Rescue efforts continue in Nepal, following the deadly earthquake and subsequent aftershocks that devastated the country. The death toll quickly climbed from hundreds to thousands, and has now already surpassed 5,500. It has risen every day since the earthquake.
Despite the already high death toll, relief efforts in Nepal have scored some successes, even through very unaccommodating weather. Heavy rains have complicated matters and made rescue efforts far more difficult than they otherwise might be. The heavy rains have also added to the misery of those who are suffering following the massive earthquake that struck on Saturday.
Nepal’s minister of information, Minendra Rijal, reported that 866 people had been rescued by air, while over 1,000 had been rescued by land. Still, many of the affected people live in remote mountain passes that are extremely difficult to get to under normal conditions, let alone with the heavy rains. These conditions have proven exceedingly difficult for frustrated workers trying to provide relief efforts. In addition, Nepal is a poor country with very limited resources, which has limited relief efforts further still.
Rijal said that rescue efforts will continue, although a lot more is still required, and the country needs help. He said that life is beginning to return to normal, although he estimated that it would take a long time before things feel entirely normal again.
One thing that Rijal was not able to clarify was a precise estimate on just how many Nepalese were rendered homeless as a result of the earthquake. However, he did report that the government had provided 4,700 tents and 22,000 tarpaulins for those in need. Still, some estimates suggest that Nepal needs half a million tents to serve as temporary shelter for those rendered homeless from the earthquake and aftershocks.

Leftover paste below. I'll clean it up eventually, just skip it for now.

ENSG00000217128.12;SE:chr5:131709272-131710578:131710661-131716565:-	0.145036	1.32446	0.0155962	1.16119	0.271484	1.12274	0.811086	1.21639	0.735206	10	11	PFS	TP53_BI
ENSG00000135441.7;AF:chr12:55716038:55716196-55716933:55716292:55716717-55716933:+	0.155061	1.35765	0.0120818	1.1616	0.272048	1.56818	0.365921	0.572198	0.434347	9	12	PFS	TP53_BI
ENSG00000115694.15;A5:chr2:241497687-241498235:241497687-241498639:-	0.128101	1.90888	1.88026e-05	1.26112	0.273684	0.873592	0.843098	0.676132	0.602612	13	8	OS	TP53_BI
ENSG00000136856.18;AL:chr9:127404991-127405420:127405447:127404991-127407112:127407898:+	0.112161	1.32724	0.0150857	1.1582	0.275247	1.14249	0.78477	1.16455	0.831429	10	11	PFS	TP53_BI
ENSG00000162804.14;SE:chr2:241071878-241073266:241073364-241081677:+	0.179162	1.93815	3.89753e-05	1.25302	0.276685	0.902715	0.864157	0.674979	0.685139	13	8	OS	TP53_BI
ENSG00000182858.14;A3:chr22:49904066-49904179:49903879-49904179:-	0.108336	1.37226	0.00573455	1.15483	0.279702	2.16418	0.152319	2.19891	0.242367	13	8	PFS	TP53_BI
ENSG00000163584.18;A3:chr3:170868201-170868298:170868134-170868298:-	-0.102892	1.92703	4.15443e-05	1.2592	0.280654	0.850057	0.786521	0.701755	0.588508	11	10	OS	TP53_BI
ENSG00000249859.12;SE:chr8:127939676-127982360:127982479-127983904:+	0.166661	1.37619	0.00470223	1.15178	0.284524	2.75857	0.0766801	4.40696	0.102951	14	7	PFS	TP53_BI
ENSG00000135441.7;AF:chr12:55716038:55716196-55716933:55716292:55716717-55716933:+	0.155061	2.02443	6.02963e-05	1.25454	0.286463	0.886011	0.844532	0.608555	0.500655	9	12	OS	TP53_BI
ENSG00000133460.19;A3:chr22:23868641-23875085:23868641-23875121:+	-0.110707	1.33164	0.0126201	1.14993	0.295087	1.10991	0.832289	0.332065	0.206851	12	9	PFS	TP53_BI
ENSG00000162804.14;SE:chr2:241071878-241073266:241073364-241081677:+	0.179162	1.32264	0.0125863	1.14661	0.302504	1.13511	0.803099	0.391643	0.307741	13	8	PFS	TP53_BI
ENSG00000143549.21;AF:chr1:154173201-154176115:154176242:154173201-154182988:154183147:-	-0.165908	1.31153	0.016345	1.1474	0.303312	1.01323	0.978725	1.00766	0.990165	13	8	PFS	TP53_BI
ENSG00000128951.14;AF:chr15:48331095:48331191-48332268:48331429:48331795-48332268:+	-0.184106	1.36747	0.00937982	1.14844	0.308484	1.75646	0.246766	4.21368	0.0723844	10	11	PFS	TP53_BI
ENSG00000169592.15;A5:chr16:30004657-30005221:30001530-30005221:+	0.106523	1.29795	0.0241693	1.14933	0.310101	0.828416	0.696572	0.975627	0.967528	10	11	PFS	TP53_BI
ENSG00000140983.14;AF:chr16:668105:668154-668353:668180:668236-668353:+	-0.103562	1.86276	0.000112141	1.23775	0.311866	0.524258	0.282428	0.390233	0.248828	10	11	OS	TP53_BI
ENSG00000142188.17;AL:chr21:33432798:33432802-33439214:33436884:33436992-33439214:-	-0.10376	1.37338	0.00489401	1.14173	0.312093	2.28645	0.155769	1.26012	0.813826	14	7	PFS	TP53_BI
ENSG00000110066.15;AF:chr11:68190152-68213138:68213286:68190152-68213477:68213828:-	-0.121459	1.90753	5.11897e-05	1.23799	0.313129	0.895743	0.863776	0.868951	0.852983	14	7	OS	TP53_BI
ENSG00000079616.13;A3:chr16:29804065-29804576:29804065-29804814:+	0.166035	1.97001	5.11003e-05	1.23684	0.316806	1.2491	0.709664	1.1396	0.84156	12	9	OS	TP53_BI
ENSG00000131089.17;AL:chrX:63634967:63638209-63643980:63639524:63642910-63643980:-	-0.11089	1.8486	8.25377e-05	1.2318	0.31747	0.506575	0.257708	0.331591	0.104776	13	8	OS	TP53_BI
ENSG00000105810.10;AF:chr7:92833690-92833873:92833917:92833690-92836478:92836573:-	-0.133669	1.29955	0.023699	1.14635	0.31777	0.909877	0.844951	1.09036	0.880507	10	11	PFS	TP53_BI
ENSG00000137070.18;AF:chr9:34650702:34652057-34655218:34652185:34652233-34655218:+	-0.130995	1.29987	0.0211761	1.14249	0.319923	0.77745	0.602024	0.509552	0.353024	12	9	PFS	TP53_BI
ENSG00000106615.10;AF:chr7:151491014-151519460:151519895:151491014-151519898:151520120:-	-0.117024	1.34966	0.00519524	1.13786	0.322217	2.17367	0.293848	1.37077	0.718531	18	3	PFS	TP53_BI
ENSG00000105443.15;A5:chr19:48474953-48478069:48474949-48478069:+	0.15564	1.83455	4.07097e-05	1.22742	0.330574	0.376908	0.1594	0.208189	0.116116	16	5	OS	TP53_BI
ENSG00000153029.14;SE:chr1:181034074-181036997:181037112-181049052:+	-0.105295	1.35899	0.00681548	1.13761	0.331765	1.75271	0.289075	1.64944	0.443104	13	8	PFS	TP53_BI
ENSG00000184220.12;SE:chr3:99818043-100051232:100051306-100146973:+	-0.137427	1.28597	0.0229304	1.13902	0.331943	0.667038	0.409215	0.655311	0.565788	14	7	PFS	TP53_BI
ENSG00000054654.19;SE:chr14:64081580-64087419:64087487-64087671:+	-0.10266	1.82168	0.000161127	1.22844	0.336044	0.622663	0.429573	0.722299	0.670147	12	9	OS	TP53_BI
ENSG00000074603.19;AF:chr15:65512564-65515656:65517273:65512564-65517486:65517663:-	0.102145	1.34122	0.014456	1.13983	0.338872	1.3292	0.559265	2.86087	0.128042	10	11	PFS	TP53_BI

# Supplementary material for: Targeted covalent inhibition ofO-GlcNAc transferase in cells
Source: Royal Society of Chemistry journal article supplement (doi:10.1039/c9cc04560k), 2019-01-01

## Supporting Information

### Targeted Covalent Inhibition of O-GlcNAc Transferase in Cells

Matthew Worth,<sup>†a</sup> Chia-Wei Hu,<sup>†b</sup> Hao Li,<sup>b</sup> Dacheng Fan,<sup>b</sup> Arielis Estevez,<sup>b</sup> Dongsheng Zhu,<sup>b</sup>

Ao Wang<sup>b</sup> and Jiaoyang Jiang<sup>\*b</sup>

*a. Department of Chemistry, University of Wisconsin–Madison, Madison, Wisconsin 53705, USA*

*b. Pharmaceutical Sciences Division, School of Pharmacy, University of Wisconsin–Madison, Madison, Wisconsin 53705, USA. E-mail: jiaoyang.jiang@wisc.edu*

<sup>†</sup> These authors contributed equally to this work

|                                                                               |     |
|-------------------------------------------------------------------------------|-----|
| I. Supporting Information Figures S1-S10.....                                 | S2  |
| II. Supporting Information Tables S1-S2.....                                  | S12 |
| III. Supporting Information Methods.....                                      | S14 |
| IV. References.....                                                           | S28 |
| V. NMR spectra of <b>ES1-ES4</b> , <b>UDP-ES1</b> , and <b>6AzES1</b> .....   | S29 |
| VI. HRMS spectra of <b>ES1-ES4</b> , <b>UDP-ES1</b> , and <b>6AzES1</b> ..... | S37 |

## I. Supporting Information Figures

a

Although the center of the 7.8 earthquake was in the district of Gorkha, the United Nations estimated that eight million Nepalese were left homeless throughout 39 districts across the country. Many homes were destroyed and, in other cases, some people still do not feel safe so soon after the earthquake and the aftershocks that followed.
Nepal is receiving help for the crisis from countries around the world. The country was in desperate need of helicopters, and neighboring India provided seven helicopters to provide assistance. The arrival of tents via aircraft are expected from India and Thailand, and an additional 100,000 tents are expected to arrive from Pakistan. Millions of dollars are pouring in from China, and charity money and supplies have been pouring in from all over the world.
Still, much needs to be done to provide adequate assistance to those affected by the earthquake. UNICEF’s Regional Communication Advisor Jean-Jacques Simon stressed that much is desperately needed for those now living in camps in and near Nepal’s capital city, Kathmandu, and the surrounding regions. Tundhikal Park has now been given the nickname “Tent City”, and although the crowds that are thinning there might seem like a positive sign, even this may not necessarily be a sign that matters are improving.
American President Barack Obama called Nepal’s Prime Minister Sushil Koirala and expressed condolences. Obama had not spoken to Koirala since the earthquake struck the country on Saturday.
Overall, the death toll has consistently risen since the earthquake struck the Himalayan nation, and the real question is just how large the casualty figure is expected to reach when all is said and done. According to an estimate by Max Wyse of the International Center for Earth Simulation based in Geneva, Switzerland, the death toll could reach as high as more than 57,000.
Still, nobody knows just yet precisely how high the final death count will be. For now, however, Nepal is still trying to return to normal and continuing relief efforts, even while the death toll continues to rise.
By Charles Bordeau
Photo courtesy of Marina & Enriqua’s Flickr page – Creativecommons Creative Commons License